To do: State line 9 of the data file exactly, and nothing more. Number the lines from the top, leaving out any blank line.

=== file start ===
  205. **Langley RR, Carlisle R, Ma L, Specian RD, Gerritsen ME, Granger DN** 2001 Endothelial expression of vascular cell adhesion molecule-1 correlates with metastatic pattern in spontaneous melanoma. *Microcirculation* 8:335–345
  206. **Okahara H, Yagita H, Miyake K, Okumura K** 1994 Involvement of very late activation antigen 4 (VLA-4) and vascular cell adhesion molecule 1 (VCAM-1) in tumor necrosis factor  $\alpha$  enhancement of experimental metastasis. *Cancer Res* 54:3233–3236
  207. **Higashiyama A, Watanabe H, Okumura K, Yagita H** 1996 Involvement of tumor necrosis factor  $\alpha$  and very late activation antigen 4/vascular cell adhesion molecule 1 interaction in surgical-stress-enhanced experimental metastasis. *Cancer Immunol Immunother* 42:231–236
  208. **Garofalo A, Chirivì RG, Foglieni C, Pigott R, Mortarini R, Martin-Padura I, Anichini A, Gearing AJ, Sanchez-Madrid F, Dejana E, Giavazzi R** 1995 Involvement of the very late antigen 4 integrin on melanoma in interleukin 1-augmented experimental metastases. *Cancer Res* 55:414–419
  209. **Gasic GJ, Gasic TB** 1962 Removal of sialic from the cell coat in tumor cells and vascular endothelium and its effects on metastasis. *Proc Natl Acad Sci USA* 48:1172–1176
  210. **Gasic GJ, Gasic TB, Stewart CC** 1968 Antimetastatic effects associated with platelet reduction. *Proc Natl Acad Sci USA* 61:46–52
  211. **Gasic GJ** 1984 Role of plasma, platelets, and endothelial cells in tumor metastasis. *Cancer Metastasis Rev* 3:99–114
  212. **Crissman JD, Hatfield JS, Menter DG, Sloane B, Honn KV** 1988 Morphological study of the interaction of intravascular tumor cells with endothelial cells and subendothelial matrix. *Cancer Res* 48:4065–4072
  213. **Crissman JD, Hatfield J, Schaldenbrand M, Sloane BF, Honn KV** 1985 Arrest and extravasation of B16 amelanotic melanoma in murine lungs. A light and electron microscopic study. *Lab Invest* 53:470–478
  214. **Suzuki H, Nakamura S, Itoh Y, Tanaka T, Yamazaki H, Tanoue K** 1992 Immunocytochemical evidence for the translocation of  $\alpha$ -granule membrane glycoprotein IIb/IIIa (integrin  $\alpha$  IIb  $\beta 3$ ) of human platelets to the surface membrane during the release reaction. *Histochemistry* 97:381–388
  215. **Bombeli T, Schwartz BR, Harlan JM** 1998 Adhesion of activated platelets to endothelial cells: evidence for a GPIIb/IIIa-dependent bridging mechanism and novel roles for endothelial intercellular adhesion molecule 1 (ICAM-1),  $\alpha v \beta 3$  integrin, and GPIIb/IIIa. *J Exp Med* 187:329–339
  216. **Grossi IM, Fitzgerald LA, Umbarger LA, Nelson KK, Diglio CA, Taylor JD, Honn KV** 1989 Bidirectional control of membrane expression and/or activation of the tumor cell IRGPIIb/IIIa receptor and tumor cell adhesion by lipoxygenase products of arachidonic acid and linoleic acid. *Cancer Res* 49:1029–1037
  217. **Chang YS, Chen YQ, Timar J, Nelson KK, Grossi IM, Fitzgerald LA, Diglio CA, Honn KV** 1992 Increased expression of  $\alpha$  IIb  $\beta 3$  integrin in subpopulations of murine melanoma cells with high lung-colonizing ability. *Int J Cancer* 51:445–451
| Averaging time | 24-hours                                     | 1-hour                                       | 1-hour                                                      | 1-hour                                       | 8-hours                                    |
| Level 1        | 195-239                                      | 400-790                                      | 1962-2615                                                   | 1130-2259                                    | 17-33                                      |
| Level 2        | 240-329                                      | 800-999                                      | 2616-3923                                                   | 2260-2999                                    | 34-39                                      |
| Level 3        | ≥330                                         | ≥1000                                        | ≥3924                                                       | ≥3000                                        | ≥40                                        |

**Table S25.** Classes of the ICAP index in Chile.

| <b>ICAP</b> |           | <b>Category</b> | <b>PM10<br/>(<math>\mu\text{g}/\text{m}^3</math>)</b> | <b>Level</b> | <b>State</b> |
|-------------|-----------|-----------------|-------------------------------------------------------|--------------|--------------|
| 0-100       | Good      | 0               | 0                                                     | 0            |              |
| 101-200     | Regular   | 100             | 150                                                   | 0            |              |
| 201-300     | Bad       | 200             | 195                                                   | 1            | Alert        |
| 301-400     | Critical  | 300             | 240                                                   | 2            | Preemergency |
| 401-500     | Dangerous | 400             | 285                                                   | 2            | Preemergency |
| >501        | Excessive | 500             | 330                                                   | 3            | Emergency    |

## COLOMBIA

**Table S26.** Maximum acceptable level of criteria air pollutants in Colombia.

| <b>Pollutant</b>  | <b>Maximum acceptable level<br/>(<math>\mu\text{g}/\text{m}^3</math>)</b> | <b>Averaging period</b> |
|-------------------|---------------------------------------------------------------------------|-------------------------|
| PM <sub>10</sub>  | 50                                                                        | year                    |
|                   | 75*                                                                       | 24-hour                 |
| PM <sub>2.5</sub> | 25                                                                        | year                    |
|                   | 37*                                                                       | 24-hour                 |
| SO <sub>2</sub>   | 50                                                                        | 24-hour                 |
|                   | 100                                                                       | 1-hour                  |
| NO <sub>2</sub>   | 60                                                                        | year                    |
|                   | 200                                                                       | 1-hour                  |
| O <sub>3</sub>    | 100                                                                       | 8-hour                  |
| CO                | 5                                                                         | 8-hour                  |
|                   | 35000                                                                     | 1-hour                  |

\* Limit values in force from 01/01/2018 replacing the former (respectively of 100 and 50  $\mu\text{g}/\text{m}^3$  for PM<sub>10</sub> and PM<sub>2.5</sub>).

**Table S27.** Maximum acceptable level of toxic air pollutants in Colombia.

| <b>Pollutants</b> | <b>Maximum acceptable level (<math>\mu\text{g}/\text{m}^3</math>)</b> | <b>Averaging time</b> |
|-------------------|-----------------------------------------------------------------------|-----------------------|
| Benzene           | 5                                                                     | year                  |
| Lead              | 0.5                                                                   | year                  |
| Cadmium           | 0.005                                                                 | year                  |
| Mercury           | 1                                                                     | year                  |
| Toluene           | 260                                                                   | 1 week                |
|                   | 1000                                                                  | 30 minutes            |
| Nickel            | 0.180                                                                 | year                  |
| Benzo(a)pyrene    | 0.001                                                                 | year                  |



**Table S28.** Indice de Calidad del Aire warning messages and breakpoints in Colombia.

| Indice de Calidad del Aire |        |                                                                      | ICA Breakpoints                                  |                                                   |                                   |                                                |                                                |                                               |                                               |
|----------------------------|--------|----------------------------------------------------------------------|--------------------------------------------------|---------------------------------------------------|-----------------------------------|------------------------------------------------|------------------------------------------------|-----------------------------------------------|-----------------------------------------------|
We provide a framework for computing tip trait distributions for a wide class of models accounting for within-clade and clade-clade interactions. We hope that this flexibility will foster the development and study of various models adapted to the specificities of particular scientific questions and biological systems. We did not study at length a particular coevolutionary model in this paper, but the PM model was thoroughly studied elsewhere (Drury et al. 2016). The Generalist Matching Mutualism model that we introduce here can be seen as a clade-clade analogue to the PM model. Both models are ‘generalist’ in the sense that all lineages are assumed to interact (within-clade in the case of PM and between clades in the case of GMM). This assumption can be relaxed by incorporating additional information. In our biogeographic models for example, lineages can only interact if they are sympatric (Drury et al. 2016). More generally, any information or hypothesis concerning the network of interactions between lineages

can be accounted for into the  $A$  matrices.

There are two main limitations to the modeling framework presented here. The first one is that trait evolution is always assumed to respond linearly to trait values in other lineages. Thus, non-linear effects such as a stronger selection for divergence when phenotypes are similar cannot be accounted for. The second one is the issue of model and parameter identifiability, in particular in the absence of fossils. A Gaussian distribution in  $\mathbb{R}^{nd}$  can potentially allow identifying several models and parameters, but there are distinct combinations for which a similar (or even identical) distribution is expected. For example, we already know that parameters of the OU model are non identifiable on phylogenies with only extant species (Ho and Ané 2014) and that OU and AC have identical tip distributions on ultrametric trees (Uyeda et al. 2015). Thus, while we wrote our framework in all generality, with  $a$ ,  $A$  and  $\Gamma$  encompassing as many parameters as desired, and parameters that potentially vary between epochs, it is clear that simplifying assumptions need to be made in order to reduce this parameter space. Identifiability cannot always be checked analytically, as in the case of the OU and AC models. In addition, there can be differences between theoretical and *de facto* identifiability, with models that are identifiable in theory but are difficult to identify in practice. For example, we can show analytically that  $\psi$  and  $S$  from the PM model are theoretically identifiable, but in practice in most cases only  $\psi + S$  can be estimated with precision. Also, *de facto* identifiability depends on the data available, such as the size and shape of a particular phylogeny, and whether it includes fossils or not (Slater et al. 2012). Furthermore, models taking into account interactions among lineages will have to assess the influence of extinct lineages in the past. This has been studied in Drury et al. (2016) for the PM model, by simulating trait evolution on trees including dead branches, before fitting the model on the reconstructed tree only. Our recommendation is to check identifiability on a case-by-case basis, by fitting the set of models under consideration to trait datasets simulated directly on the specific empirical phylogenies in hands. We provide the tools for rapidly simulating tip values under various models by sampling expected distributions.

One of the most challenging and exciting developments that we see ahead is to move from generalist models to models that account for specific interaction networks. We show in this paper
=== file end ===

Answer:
  213. **Crissman JD, Hatfield J, Schaldenbrand M, Sloane BF, Honn KV** 1985 Arrest and extravasation of B16 amelanotic melanoma in murine lungs. A light and electron microscopic study. *Lab Invest* 53:470–478